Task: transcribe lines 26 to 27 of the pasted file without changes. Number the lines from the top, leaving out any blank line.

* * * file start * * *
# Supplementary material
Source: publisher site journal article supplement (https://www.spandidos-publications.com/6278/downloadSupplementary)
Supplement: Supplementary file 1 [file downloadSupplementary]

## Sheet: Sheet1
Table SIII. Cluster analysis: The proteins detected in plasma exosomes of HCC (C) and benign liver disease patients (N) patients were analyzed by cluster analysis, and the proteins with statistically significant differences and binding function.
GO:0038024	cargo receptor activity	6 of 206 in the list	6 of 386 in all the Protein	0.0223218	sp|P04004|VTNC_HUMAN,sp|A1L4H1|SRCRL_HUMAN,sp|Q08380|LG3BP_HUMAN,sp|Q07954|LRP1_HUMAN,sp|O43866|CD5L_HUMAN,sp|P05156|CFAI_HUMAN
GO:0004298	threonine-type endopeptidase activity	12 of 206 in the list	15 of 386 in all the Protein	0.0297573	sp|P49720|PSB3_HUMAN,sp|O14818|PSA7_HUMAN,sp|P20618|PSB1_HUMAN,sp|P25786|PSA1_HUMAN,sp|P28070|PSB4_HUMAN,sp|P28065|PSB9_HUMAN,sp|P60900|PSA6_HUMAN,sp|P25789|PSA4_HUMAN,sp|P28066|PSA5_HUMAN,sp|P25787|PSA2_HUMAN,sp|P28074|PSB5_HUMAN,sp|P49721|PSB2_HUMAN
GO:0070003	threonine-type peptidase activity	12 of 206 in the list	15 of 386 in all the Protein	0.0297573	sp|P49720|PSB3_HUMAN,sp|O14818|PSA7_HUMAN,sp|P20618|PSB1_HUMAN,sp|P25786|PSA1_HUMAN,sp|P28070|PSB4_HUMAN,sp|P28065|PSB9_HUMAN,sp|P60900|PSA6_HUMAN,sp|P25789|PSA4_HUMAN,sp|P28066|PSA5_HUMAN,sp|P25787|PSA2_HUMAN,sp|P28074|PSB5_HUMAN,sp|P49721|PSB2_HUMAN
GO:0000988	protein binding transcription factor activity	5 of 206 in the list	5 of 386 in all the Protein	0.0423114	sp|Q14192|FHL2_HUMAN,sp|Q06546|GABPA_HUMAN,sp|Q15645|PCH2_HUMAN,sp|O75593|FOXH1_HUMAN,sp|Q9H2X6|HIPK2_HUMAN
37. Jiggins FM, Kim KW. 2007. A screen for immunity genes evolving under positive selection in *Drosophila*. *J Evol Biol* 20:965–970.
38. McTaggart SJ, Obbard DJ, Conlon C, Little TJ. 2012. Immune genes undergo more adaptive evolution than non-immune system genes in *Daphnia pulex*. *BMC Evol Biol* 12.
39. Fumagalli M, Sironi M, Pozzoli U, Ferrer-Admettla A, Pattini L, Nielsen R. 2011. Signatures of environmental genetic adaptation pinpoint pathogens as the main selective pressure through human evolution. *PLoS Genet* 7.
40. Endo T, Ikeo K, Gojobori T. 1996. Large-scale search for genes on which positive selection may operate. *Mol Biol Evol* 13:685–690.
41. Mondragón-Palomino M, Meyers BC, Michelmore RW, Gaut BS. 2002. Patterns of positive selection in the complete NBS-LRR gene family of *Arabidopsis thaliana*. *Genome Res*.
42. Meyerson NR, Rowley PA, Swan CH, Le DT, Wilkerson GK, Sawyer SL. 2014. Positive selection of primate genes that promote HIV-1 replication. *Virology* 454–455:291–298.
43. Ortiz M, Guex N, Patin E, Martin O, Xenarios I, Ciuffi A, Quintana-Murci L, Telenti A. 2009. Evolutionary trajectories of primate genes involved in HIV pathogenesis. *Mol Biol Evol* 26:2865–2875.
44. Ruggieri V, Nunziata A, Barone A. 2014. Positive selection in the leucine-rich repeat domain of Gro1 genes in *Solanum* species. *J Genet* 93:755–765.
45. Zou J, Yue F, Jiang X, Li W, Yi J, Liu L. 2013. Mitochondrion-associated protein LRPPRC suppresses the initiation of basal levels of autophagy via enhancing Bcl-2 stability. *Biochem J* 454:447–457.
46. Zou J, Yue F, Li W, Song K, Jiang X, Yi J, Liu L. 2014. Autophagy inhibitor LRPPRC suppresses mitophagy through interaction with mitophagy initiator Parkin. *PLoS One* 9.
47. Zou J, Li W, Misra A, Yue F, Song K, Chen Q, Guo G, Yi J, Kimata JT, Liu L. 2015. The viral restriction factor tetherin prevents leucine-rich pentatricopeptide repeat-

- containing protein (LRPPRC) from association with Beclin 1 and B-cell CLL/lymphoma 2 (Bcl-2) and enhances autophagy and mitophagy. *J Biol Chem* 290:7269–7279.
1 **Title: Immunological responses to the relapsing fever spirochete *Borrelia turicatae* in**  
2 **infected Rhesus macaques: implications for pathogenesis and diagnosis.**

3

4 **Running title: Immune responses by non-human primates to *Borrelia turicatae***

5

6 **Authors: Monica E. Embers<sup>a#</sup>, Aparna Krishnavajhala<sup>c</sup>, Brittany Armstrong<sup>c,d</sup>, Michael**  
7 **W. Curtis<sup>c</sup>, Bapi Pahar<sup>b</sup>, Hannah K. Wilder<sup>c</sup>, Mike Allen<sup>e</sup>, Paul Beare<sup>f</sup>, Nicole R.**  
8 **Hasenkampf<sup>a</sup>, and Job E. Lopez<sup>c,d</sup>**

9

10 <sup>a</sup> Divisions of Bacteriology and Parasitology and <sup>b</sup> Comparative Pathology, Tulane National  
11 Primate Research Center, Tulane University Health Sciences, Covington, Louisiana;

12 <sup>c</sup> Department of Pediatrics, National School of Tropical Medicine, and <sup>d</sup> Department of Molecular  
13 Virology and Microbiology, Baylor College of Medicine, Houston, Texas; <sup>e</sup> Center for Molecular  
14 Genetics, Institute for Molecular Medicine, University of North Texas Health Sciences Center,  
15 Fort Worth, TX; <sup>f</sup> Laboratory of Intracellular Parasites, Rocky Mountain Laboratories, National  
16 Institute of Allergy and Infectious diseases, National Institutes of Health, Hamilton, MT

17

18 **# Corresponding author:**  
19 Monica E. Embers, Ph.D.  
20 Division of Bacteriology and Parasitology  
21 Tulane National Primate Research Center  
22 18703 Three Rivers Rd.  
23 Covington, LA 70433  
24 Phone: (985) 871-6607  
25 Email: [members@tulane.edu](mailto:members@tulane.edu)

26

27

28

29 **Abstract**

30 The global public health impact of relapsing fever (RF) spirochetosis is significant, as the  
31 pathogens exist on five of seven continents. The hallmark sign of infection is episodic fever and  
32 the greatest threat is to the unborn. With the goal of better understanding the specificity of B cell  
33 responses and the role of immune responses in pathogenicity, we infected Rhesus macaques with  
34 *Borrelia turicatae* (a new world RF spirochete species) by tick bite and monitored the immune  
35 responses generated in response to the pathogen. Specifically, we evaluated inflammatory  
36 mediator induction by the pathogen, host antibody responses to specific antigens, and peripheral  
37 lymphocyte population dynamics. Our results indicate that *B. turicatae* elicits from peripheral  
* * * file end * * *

5

6 **Authors: Monica E. Embers<sup>a#</sup>, Aparna Krishnavajhala<sup>c</sup>, Brittany Armstrong<sup>c,d</sup>, Michael**  